- Open Access
The co-distribution of Plasmodium falciparum and hookworm among African schoolchildren
© Brooker et al; licensee BioMed Central Ltd. 2006
- Received: 15 October 2006
- Accepted: 03 November 2006
- Published: 03 November 2006
Surprisingly little is known about the geographical overlap between malaria and other tropical diseases, including helminth infections. This is despite the potential public health importance of co-infection and synergistic opportunities for control.
Statistical models are presented that predict the large-scale distribution of hookworm in sub-Saharan Africa (SSA), based on the relationship between prevalence of infection among schoolchildren and remotely sensed environmental variables. Using a climate-based spatial model of the transmission potential for Plasmodium falciparum malaria, adjusted for urbanization, the spatial congruence of populations at coincident risk of infection is determined.
The model of hookworm indicates that the infection is widespread throughout Africa and that, of the 179.3 million school-aged children who live on the continent, 50.0 (95% CI: 48.9–51.1) million (27.9% of total population) are infected with hookworm and 45.1 (95% CI: 43.9–46) million are estimated to be at risk of coincident infection.
Malaria and hookworm infection are widespread throughout SSA and over a quarter of school-aged children in sub-Saharan Africa appear to be at risk of coincident infection and thus at enhanced risk of clinical disease. The results suggest that the control of parasitic helminths and of malaria in school children could be viewed as essential co-contributors to promoting the health of schoolchildren.
- Normalize Difference Vegetation Index
- Malaria Transmission
- Land Surface Temperature
- Helminth Infection
The economically developing world, particularly sub-Saharan Africa (SSA), bears the brunt of premature mortality, morbidity and disability. Much of this disease burden is the result of endemic parasitic infections that have adapted to tropical ecosystems and their vectors . Among the parasitic diseases, Plasmodium falciparum malaria inflicts the largest burden [1, 2] and hookworm infection is amongst the most common of all chronic infections, with a third of the continent's population infected at any one time [3, 4]. The high prevalence of both infections among individuals living in Africa means that co-infection with P. falciparum and hookworm is extremely common [5, 6]. There is increasing evidence that co-infection with multiple parasites may impair the immune response of the host to single parasites, and might increase susceptibility to clinical disease in ways that are not at present clearly understood [7–9]. Co-infection with P. falciparum and hookworm may also enhance severity of anaemia because of the distinct mechanisms through which each parasite causes anaemia. Finally, there are increasing calls to improve the coordination of national control programmes working to prevent different parasites associated with child mortality and morbidity [10, 11]. Despite its potential public health importance and synergistic opportunities for control, there have been no efforts to map the co-distribution of these parasites in Africa.
Geographical distributions of parasitic diseases are increasingly being defined by combining limited geo-referenced disease data with extensive environmental information derived from Earth orbiting satellites [12, 13]. The population dynamics of vectors or the free-living parasite forms depend critically upon elements of the weather that can be measured using remotely sensed correlates of rainfall, temperature and land-use [14, 15]. Epidemiological and demographic models can be used to relate these data to estimate the distribution of humans and parasites at high spatial resolution [14, 16]. Such models can in turn help provide an empirical basis for defining the disease burden of polyparasitism and the potential health impact of removing or reducing disease risk.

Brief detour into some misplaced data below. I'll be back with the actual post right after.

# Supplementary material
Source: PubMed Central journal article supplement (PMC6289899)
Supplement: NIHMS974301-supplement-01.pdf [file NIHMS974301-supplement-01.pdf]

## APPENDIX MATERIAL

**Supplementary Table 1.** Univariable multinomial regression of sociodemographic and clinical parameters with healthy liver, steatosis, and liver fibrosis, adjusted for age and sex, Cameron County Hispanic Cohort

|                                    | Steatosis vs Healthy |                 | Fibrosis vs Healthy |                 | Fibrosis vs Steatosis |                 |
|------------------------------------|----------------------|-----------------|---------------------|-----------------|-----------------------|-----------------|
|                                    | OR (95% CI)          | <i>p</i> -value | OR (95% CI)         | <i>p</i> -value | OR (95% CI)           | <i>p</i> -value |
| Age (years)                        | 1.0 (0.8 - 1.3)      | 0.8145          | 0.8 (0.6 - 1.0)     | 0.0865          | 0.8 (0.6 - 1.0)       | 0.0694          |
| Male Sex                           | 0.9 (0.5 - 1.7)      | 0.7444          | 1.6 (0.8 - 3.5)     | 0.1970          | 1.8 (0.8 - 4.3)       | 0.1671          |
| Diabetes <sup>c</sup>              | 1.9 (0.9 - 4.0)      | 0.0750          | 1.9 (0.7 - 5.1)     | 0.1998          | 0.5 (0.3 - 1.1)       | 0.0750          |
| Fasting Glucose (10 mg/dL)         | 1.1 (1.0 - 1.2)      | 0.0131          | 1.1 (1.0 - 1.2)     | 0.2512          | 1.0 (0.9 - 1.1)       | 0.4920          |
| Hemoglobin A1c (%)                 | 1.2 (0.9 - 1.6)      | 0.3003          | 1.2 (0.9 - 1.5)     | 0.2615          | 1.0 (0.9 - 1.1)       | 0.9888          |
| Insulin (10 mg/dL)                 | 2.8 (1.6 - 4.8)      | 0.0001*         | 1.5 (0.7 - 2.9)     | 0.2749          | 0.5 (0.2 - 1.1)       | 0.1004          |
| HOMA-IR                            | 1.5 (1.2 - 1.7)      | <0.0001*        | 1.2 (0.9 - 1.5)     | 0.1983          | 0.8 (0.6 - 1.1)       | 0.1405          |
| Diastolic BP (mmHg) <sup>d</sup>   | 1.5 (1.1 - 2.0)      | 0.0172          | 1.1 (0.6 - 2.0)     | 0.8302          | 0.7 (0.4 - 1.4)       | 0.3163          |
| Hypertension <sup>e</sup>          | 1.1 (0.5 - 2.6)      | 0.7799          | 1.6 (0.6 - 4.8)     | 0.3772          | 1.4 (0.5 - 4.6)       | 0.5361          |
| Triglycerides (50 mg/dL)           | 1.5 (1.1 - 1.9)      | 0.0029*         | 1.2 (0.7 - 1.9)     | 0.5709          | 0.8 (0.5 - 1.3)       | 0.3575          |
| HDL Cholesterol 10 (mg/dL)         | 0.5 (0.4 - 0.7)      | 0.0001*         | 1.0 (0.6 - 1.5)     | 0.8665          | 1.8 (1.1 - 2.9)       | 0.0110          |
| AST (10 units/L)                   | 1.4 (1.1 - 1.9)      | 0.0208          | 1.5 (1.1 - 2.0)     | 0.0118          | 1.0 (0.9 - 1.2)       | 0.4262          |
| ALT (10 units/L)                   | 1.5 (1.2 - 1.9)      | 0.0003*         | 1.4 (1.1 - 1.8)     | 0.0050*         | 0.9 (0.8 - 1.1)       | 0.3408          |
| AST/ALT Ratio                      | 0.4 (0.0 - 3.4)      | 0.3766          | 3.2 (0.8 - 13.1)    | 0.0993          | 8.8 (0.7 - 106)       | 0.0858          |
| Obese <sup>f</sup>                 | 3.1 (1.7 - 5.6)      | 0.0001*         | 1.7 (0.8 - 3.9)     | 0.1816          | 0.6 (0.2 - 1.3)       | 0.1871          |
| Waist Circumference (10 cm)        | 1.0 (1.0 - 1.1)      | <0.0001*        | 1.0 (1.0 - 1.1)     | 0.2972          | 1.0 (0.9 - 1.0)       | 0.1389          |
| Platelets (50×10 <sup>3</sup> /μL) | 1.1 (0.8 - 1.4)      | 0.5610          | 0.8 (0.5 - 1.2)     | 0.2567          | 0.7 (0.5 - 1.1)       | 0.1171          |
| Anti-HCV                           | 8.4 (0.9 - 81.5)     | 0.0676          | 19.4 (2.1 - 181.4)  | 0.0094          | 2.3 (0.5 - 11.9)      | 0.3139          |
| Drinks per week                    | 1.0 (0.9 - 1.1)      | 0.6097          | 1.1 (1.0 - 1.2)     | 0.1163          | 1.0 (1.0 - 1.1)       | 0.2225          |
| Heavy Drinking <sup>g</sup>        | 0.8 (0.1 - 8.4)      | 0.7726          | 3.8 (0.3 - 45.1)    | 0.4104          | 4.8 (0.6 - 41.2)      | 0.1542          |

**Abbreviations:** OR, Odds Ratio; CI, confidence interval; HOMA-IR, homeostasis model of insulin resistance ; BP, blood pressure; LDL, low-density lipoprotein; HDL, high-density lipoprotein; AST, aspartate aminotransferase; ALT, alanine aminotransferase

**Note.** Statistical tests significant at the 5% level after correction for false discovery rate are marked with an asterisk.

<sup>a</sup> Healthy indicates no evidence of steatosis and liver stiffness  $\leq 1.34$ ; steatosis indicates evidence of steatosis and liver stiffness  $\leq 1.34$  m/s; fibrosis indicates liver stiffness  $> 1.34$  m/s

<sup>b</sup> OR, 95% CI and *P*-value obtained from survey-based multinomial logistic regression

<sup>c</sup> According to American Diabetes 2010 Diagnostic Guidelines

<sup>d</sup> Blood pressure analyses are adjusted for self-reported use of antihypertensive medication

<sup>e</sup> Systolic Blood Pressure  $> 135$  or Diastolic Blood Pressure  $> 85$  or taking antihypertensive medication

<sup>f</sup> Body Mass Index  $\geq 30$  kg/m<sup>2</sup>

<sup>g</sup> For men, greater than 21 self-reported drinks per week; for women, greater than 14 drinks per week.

Given that hookworm and other nematode species infections are most intense among children aged 5–14 years, the principal focus of helminth control has been among schoolchildren . Within this age range, children in stable transmission areas of Africa are frequently infected with P. falciparum , and as such, are particularly vulnerable to potential consequences of co-infection. The aim of the present analysis is to develop a predictive map of hookworm in Africa and to define the coincidental geographical distributions of African school-aged populations exposed to P. falciparum and to hookworm.
Modelling hookworm distributions
Epidemiological data on prevalence of hookworm were obtained from standardized school-based surveys conducted across SSA during the period 1985–2004. The details and sources of the survey data are provided in Additional File 1. A total of 71,681 children from 1,144 locations were included in the analysis. These data were spatially linked to satellite-derived estimates of land surface temperature (LST) and normalized difference vegetation index (NDVI) for 1982–2000  to investigate the large-scale ecological correlates of infection prevalence. The urban layer of the Global Rural-Urban Mapping Project (GRUMP) , which utilizes data on night-time lights and Landsat satellite sensor imagery, in combination with other geographic data, was used to investigate patterns of hookworm prevalence according to urban, peri-urban and rural locations.